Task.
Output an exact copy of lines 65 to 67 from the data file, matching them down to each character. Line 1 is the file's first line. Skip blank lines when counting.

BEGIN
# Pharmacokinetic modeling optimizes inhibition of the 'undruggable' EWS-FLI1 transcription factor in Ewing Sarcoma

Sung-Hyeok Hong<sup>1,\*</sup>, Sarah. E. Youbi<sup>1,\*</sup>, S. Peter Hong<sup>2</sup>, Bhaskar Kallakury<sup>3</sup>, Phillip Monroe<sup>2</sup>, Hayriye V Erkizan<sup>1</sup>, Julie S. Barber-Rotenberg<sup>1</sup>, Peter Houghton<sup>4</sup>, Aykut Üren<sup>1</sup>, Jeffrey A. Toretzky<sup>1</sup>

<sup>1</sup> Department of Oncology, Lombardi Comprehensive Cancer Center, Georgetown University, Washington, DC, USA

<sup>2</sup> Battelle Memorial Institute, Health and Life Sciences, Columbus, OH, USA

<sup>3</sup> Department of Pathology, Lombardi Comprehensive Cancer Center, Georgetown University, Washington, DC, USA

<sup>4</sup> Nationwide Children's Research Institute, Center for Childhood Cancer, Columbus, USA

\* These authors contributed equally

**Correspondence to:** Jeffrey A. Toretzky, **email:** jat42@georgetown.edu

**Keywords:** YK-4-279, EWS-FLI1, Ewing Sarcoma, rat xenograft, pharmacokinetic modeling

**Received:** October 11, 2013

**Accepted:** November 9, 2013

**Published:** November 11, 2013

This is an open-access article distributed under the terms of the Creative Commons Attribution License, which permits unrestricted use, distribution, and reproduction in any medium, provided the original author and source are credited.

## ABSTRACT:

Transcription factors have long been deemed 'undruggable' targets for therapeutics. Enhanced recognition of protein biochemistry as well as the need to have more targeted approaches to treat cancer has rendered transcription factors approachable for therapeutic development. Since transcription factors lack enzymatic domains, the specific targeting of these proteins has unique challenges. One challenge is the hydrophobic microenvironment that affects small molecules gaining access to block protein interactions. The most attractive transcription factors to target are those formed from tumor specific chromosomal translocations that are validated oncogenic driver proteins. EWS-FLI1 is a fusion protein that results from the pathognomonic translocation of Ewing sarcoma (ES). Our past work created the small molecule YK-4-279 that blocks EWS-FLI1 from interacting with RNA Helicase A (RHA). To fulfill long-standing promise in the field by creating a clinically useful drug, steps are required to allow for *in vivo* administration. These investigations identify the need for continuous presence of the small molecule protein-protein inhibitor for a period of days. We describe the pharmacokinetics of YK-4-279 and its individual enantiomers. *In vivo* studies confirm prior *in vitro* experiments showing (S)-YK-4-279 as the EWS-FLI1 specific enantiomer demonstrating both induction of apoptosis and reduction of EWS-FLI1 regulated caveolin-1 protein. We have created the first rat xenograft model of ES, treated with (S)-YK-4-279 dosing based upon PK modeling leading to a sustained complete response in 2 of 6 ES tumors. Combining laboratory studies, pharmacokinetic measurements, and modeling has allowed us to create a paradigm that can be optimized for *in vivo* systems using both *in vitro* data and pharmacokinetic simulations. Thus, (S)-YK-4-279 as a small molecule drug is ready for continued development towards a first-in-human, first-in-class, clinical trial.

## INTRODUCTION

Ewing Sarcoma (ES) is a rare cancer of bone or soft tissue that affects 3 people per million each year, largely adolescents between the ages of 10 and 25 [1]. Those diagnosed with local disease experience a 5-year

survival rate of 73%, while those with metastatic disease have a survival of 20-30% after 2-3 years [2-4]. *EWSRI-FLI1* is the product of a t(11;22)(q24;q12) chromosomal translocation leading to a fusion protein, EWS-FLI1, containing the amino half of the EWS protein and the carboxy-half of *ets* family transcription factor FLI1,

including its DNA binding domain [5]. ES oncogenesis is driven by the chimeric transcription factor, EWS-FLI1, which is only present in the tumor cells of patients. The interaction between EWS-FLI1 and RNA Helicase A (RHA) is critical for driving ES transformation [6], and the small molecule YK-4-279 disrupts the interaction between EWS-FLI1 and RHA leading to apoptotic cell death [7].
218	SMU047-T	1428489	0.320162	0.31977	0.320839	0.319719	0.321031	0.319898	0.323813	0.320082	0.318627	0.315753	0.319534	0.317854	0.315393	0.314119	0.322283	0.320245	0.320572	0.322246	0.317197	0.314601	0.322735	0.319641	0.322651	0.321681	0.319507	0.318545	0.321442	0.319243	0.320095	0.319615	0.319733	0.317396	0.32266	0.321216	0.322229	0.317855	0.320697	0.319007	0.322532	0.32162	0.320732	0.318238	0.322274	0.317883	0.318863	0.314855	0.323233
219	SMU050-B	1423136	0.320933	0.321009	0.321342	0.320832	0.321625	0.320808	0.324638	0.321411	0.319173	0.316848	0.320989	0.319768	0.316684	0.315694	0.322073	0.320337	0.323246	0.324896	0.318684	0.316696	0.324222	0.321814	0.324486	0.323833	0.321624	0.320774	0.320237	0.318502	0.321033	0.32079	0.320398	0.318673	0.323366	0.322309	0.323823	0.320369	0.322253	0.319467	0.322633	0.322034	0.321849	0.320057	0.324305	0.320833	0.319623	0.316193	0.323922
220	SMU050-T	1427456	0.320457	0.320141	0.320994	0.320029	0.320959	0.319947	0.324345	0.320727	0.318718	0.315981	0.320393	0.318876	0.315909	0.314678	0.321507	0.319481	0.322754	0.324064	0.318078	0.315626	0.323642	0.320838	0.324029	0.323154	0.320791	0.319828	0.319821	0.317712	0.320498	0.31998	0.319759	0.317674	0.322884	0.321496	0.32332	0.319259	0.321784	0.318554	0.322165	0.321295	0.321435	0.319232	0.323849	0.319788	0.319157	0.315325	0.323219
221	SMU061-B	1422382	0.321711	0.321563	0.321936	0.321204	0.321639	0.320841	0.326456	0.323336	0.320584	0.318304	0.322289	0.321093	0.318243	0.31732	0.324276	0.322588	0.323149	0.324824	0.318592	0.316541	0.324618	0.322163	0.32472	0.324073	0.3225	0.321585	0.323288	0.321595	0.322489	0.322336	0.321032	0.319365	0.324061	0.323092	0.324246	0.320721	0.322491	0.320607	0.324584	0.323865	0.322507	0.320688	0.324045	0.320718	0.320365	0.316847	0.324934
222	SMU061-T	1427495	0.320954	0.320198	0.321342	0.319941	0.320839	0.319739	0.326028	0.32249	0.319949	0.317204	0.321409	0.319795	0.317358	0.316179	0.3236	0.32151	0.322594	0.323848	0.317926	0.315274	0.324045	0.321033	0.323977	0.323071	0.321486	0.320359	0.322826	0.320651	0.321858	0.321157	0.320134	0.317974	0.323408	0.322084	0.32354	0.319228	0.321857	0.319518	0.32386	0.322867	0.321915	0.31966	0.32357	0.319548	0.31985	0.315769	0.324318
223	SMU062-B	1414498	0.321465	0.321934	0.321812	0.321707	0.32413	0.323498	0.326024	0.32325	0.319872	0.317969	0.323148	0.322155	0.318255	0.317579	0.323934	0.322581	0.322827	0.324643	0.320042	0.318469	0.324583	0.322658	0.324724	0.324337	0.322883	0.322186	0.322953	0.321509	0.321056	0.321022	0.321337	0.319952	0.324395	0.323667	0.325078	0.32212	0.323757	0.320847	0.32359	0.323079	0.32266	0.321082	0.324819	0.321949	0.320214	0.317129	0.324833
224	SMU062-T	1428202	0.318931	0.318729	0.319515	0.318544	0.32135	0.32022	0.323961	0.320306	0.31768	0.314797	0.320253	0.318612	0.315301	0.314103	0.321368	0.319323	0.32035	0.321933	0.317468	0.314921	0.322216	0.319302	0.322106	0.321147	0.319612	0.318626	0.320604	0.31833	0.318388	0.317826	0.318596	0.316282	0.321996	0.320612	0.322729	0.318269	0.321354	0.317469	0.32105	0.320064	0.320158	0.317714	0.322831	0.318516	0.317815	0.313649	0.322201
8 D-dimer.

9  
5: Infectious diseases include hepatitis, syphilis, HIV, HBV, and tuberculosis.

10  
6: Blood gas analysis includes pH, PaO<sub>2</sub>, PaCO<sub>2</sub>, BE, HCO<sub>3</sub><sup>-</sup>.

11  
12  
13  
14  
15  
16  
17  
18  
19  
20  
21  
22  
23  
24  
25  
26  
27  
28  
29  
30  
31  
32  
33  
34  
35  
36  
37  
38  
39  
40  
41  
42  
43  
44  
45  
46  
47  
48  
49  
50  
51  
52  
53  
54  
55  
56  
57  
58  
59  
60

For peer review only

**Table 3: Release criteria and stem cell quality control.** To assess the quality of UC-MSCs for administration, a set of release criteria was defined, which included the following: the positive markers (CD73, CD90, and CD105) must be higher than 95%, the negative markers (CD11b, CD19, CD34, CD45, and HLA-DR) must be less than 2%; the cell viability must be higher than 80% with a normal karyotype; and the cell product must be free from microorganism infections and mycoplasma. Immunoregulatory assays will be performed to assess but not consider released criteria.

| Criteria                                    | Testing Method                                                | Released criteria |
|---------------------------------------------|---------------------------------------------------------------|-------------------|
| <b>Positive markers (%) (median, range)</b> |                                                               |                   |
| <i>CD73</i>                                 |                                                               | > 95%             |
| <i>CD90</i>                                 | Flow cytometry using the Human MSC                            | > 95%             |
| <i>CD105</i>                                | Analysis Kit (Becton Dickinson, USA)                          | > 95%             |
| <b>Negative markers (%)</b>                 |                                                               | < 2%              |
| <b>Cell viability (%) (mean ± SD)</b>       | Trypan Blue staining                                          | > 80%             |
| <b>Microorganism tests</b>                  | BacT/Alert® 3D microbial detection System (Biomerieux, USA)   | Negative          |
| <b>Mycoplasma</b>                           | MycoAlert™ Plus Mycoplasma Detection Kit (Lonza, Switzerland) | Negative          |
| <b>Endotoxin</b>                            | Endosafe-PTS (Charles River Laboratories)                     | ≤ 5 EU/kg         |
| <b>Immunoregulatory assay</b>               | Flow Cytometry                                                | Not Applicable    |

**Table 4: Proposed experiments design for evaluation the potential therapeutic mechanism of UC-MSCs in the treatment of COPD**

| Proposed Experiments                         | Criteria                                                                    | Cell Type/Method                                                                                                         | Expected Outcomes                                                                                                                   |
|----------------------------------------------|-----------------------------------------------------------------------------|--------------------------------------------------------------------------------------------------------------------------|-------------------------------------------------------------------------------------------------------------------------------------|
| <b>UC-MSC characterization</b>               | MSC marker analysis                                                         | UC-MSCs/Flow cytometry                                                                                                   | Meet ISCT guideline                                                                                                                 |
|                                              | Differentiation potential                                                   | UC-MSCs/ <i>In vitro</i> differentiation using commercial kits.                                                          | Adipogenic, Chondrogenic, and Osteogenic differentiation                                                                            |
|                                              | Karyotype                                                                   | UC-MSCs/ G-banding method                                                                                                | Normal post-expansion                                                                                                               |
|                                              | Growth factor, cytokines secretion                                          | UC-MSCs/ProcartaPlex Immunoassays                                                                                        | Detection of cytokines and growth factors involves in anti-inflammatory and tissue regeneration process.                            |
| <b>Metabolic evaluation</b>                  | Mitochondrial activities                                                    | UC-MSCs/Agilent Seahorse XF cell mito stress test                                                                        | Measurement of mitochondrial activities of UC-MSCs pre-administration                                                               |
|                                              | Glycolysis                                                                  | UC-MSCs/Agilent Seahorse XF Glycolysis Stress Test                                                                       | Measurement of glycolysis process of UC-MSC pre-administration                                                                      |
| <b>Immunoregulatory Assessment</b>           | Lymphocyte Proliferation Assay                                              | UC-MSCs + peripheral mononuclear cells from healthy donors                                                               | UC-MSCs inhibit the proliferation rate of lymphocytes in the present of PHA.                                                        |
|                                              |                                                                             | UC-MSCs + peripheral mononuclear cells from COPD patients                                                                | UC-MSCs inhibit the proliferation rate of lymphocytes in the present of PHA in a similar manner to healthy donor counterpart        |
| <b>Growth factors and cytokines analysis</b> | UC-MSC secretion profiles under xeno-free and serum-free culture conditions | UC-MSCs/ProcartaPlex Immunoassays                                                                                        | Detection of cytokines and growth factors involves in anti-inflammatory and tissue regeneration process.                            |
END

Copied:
44  
45  
46  